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Oysterman Wec Terry smells an oyster to get a sense of its flavor before tasting it. Participants were instructed in how to taste an oyster and how to describe each type of oyster’s unique flavor. ©Margaret Pizer/VASG

17 January 2014 No Comment

Oysterman Wec Terry smells an oyster to get a sense of its flavor before tasting it. Participants were instructed in how to taste an oyster and how to describe each type of oyster’s unique flavor. ©Margaret Pizer/VASG
6755693445 0bb7a71b10 Oysterman Wec Terry smells an oyster to get a sense of its flavor before tasting it. Participants were instructed in how to taste an oyster and how to describe each type of oysters unique flavor. ©Margaret Pizer/VASG

Image by Virginia Sea Grant
Cultured oyster production in Virginia is increasing dramatically, with three times as many oysters planted in 2010 than in any previous year. As more and more halfshell oysters are produced, growers need to create new demand in order to keep the industry thriving. That is why the new buzzword in oyster marketing is "differentiation" as Virginia Sea Grant Business and Marketing Specialist Dan Kauffman explained at the recent Differentiated Halfshell Marketing Workshop sponsored by Virginia Sea Grant, Virginia Tech, Virginia Marine Products Board, and Virginia Institute of Marine Science.

Workshop keynote speaker Robb Walsh summed up the idea of differentiation by comparing oysters to wine. Whereas consumers are accustomed to expecting different tastes from wines from different vineyards and regions, the same has not been as true for oysters—at least in the U.S.—says Walsh. Speakers Shore Gregory and Chris Sherman of Island Creek Oysters explained that oysters from different locations, even within the same bay, can have drastically different tastes. They backed up the claim with a tasting of oysters from the Western Shore of Chesapeake Bay, the Eastern Shore Seaside of Virginia, and Duxsbury Bay, Massachusetts.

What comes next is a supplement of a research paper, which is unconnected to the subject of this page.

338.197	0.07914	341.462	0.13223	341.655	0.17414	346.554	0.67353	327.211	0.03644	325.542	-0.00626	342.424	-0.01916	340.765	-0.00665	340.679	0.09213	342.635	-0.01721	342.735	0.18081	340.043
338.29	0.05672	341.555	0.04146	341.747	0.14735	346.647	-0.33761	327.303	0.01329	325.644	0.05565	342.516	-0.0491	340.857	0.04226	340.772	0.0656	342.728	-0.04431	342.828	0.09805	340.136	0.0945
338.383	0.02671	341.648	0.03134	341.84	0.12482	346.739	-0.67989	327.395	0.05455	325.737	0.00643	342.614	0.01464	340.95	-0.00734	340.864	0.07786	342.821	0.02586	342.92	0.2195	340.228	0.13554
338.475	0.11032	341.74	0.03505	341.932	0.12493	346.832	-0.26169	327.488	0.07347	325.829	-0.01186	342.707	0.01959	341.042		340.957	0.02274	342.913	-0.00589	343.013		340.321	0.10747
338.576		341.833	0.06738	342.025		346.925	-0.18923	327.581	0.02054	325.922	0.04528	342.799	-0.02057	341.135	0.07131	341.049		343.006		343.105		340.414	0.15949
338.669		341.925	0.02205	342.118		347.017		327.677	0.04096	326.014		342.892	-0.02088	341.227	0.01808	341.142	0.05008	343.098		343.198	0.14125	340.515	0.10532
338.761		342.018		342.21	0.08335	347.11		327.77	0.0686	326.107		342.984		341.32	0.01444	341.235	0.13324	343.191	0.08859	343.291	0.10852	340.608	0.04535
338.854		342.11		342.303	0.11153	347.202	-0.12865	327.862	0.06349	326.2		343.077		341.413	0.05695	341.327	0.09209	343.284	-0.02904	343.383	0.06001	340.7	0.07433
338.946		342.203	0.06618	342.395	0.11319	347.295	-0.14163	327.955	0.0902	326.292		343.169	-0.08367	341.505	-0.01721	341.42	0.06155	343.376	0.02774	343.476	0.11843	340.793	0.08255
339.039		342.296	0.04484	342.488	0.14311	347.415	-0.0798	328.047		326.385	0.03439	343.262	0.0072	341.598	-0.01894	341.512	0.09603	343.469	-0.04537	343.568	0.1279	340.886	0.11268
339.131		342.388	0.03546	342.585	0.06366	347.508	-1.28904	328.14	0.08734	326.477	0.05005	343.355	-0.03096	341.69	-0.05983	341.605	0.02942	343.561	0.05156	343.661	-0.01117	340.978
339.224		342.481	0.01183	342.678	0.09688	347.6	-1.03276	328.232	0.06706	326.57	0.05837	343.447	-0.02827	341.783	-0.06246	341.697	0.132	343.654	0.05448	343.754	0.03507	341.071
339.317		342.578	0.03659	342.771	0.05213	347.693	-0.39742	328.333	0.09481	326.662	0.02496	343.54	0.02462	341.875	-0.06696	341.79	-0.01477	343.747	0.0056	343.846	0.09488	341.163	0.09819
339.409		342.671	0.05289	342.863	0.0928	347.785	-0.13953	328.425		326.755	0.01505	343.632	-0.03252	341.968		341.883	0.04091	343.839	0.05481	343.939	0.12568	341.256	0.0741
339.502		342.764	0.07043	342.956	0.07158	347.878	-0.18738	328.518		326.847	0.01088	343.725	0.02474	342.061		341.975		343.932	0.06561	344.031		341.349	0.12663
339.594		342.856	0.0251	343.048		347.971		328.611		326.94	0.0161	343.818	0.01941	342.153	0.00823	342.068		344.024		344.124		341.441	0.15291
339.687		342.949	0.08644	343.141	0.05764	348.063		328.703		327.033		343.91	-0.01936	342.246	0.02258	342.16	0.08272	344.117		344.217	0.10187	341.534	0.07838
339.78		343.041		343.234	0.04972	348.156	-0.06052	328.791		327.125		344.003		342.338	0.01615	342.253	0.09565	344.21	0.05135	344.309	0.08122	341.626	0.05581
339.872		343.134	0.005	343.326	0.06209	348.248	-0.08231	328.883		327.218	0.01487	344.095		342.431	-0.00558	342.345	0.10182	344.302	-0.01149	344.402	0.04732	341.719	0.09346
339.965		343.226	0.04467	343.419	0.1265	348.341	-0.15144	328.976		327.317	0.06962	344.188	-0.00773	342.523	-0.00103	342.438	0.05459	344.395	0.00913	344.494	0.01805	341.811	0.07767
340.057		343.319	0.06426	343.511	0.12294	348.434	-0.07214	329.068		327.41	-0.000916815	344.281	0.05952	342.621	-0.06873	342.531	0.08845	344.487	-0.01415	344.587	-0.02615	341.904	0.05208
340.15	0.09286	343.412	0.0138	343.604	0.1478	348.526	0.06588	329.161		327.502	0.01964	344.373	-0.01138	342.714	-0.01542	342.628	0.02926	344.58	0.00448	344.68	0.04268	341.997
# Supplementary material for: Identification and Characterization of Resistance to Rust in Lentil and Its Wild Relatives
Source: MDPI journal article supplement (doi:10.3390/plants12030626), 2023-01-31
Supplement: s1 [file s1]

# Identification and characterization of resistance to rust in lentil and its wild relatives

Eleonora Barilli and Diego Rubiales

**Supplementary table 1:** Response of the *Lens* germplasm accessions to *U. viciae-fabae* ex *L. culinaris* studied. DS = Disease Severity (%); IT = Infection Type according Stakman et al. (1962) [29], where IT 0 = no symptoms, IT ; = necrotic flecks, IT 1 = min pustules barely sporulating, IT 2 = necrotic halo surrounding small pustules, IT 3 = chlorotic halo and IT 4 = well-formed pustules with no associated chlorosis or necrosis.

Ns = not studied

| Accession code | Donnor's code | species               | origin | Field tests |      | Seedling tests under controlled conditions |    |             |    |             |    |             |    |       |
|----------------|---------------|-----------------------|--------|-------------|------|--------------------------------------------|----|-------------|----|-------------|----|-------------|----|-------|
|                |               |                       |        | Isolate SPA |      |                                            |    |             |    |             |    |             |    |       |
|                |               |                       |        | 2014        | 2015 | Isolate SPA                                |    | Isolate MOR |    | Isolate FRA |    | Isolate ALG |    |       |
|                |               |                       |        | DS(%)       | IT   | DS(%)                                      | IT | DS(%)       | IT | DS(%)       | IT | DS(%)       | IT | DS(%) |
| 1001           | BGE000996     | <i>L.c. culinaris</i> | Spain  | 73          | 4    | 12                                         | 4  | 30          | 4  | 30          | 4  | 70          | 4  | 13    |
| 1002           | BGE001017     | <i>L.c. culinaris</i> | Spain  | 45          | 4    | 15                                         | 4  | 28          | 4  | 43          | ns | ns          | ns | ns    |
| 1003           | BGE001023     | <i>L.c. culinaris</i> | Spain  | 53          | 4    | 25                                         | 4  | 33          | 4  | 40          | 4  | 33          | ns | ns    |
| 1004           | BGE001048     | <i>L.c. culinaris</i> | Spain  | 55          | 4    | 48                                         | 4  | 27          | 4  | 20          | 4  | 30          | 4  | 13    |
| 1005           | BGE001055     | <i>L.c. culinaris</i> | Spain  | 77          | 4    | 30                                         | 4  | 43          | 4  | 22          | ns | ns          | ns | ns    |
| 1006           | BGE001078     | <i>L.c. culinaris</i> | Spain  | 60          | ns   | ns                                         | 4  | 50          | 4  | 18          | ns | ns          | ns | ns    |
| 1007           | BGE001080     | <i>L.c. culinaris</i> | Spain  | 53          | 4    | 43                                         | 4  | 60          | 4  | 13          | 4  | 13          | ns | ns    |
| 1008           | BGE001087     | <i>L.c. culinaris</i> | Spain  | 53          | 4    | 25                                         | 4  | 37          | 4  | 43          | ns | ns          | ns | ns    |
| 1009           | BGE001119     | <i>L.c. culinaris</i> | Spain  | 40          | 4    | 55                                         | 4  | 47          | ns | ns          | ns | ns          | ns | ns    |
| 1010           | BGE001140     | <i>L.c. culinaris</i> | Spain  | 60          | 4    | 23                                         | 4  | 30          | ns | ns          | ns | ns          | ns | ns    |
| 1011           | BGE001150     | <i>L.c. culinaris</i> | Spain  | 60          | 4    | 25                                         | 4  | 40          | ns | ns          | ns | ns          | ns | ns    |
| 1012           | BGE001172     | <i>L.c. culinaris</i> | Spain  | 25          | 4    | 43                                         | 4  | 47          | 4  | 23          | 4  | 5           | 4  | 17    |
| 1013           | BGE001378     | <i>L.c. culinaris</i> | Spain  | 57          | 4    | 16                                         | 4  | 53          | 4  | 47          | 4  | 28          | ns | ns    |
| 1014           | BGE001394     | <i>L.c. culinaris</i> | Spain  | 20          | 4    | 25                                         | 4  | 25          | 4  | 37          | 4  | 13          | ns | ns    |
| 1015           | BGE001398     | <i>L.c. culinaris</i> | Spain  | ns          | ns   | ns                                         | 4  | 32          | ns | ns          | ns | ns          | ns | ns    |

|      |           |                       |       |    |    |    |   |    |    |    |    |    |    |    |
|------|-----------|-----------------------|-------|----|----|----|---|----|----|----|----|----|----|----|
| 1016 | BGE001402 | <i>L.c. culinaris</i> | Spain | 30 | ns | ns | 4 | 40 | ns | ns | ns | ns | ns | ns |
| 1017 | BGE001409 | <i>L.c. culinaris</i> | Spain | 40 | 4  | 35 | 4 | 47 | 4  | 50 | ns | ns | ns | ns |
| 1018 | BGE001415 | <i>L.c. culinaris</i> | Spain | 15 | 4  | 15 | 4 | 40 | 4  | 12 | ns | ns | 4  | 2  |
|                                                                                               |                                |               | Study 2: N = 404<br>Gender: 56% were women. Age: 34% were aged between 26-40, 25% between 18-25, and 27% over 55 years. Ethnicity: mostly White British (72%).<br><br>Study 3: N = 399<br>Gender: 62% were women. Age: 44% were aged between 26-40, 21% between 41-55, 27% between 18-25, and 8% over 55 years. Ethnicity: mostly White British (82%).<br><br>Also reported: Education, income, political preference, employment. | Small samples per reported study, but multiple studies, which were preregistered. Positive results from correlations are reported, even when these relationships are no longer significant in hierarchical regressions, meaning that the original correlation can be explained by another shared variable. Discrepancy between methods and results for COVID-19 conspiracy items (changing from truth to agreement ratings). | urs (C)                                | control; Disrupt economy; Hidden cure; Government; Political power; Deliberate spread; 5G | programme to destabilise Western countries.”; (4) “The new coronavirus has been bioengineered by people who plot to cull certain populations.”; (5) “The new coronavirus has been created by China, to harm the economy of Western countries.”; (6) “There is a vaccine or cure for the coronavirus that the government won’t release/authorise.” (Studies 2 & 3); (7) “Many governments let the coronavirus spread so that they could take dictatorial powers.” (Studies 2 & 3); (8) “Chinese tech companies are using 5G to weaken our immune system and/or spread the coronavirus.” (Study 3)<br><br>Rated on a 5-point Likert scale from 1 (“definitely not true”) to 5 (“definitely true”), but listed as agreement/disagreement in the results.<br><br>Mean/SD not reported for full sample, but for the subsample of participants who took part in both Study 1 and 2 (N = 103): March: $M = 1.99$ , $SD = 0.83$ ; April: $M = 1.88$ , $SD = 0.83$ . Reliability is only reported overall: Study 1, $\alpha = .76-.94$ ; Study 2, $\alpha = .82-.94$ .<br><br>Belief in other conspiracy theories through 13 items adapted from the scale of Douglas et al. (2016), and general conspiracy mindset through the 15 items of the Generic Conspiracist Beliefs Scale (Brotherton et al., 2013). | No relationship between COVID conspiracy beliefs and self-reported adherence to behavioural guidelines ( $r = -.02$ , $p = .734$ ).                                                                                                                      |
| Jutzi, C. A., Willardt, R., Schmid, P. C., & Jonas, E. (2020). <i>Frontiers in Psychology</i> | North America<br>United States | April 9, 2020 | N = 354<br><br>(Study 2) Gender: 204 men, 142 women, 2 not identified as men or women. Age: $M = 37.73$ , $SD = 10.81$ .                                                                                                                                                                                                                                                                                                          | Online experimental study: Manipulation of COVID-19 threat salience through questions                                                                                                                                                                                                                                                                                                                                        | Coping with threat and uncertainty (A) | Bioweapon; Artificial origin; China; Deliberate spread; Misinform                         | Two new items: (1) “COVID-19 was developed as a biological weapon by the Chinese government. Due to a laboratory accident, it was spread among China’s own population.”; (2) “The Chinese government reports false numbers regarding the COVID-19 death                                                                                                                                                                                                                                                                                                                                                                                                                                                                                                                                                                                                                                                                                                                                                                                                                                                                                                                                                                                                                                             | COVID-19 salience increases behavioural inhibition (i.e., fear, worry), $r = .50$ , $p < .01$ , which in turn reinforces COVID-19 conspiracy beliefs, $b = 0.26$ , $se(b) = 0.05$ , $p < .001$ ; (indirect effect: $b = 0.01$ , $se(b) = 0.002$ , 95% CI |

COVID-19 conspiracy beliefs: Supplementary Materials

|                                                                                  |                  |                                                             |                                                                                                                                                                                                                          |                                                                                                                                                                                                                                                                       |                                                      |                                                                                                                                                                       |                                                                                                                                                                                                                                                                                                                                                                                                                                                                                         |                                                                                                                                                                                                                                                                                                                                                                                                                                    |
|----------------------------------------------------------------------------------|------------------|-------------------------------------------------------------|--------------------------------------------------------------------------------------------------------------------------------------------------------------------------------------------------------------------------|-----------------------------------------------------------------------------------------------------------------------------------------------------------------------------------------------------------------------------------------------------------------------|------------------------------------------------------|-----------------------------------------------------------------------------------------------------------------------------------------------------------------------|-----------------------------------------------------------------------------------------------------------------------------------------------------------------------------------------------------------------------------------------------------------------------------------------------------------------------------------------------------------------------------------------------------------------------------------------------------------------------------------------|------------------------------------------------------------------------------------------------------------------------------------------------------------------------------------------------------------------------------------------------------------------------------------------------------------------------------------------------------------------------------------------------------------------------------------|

The workshop drew over 60 oyster growers, industry representatives, and others to learn more about how differentiation can help them market their products. "Duxbury Bay is very salty," explained Gregory, "and our oysters are grown on the bottom," so they pick up "earthy" flavors from the mud. Other oysters are described as more "meaty" or "brothy." By creating recognizable brands, Gregory and Island Creek Oysters founder Skip Bennett argued that growers can expand demand for different types of oysters and grow the overall market.

The workshop program was rounded out by presentations from restaurant chefs and owners, supermarket managers, and a seafood distributor, who each gave their take on what oyster consumers are looking for and how growers can optimize their marketing efforts. Specific ideas for branding and marketing using social media were also dicsussed. The event ended with another tasting, this time of seven types of oysters from different parts of Chesapeake Bay.

pixel Oysterman Wec Terry smells an oyster to get a sense of its flavor before tasting it. Participants were instructed in how to taste an oyster and how to describe each type of oysters unique flavor. ©Margaret Pizer/VASG

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